All too often, a physician’s strategy during the certification examination is not necessarily to provide the right answer, but instead, to give the “expected” answer. My post last week about guidelines led many readers to write that they could not ignore the guidelines — even if they believed that they were wrong — because the guidelines represented the “expected” answers to questions asked during the recertification process.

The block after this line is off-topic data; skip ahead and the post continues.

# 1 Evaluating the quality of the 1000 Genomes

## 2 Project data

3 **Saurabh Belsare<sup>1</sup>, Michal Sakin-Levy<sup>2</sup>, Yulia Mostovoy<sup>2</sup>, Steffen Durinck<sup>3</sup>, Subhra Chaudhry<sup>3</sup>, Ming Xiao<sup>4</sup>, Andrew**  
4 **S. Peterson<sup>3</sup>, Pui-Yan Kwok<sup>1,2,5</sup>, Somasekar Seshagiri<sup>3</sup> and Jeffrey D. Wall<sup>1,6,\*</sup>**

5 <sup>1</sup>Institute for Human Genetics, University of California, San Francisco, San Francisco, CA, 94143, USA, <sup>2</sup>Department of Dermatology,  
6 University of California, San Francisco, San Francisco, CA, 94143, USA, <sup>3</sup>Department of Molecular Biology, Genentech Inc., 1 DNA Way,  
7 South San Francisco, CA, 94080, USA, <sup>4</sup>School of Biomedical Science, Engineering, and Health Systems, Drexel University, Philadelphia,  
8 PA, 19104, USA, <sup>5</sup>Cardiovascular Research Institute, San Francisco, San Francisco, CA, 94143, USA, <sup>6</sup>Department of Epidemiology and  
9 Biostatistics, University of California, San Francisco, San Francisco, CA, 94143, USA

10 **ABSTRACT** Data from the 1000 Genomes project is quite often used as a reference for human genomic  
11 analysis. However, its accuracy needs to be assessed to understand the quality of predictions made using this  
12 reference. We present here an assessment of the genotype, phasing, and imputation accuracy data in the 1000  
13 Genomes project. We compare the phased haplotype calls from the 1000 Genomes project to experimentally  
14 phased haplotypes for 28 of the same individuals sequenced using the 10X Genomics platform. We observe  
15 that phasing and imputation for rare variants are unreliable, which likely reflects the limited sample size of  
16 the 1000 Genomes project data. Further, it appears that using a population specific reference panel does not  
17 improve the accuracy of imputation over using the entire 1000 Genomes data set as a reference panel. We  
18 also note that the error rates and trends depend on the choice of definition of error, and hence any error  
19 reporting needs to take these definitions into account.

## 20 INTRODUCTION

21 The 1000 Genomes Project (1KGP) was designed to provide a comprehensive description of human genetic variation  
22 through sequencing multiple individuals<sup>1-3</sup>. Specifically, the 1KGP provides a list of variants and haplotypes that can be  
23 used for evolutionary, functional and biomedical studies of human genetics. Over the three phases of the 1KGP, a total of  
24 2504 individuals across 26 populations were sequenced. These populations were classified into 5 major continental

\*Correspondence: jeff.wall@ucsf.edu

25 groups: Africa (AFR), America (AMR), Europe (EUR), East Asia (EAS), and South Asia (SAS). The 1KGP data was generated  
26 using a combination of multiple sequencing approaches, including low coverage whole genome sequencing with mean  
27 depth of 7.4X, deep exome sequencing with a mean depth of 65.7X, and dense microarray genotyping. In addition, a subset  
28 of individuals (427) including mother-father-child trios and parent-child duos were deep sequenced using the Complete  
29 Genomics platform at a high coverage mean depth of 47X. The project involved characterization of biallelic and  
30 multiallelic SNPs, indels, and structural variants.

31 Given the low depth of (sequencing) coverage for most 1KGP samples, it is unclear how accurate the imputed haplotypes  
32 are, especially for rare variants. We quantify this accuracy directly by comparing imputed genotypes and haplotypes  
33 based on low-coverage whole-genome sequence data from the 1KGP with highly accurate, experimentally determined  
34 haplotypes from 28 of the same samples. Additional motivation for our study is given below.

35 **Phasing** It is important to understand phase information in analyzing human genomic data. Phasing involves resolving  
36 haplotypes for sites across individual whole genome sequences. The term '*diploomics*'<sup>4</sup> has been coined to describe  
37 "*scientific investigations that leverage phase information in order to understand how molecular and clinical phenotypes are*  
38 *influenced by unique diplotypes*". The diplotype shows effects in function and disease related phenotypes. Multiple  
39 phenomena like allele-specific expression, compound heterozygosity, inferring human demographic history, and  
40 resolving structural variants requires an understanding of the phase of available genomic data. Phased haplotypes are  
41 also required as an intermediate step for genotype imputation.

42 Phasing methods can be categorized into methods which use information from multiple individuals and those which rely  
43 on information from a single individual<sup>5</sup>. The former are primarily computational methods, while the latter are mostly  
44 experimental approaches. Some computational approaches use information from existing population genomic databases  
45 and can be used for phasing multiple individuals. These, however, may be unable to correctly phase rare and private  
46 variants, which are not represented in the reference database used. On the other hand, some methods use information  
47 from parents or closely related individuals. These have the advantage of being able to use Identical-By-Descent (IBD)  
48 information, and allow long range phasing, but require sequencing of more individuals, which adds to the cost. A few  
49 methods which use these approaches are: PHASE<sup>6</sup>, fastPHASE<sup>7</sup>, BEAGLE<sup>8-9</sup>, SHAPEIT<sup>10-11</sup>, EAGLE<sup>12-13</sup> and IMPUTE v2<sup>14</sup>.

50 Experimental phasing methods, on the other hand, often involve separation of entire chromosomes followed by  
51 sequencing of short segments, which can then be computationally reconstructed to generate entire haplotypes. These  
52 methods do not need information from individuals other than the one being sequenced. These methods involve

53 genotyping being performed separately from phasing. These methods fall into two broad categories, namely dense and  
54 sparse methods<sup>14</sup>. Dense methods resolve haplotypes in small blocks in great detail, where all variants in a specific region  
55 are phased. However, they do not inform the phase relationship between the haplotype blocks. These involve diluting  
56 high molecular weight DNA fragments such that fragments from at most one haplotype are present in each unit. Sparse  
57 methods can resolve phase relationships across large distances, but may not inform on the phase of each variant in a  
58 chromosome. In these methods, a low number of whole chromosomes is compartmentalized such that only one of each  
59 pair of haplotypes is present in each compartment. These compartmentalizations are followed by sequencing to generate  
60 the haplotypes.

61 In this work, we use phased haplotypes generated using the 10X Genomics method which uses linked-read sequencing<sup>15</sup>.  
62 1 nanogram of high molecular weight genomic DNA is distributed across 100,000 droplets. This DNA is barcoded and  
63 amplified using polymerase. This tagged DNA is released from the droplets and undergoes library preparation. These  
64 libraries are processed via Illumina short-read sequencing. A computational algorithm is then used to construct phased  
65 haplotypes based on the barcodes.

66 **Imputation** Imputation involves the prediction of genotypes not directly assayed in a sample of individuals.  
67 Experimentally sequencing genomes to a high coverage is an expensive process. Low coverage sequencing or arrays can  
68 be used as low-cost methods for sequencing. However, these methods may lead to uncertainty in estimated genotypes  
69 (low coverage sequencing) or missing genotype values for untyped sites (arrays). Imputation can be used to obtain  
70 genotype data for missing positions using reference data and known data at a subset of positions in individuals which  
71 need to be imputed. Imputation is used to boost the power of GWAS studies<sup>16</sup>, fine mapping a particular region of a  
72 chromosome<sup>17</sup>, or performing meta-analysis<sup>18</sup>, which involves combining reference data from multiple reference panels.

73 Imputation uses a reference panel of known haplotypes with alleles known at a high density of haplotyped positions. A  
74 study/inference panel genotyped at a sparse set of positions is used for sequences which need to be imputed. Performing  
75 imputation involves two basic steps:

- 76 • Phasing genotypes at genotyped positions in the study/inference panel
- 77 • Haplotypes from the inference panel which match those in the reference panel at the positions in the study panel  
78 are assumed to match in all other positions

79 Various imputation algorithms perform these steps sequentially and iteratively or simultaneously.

If a clinician had independently read and analyzed the literature and had reached a conclusion that differed from that in a guideline, they would still need to provide the guideline-directed answer to the question during the formal examination.
For many physicians, the more you know, the more likely it is that you will get the question wrong.
Last week, the New York Times ran a story about the certification process in the discipline of — astrology!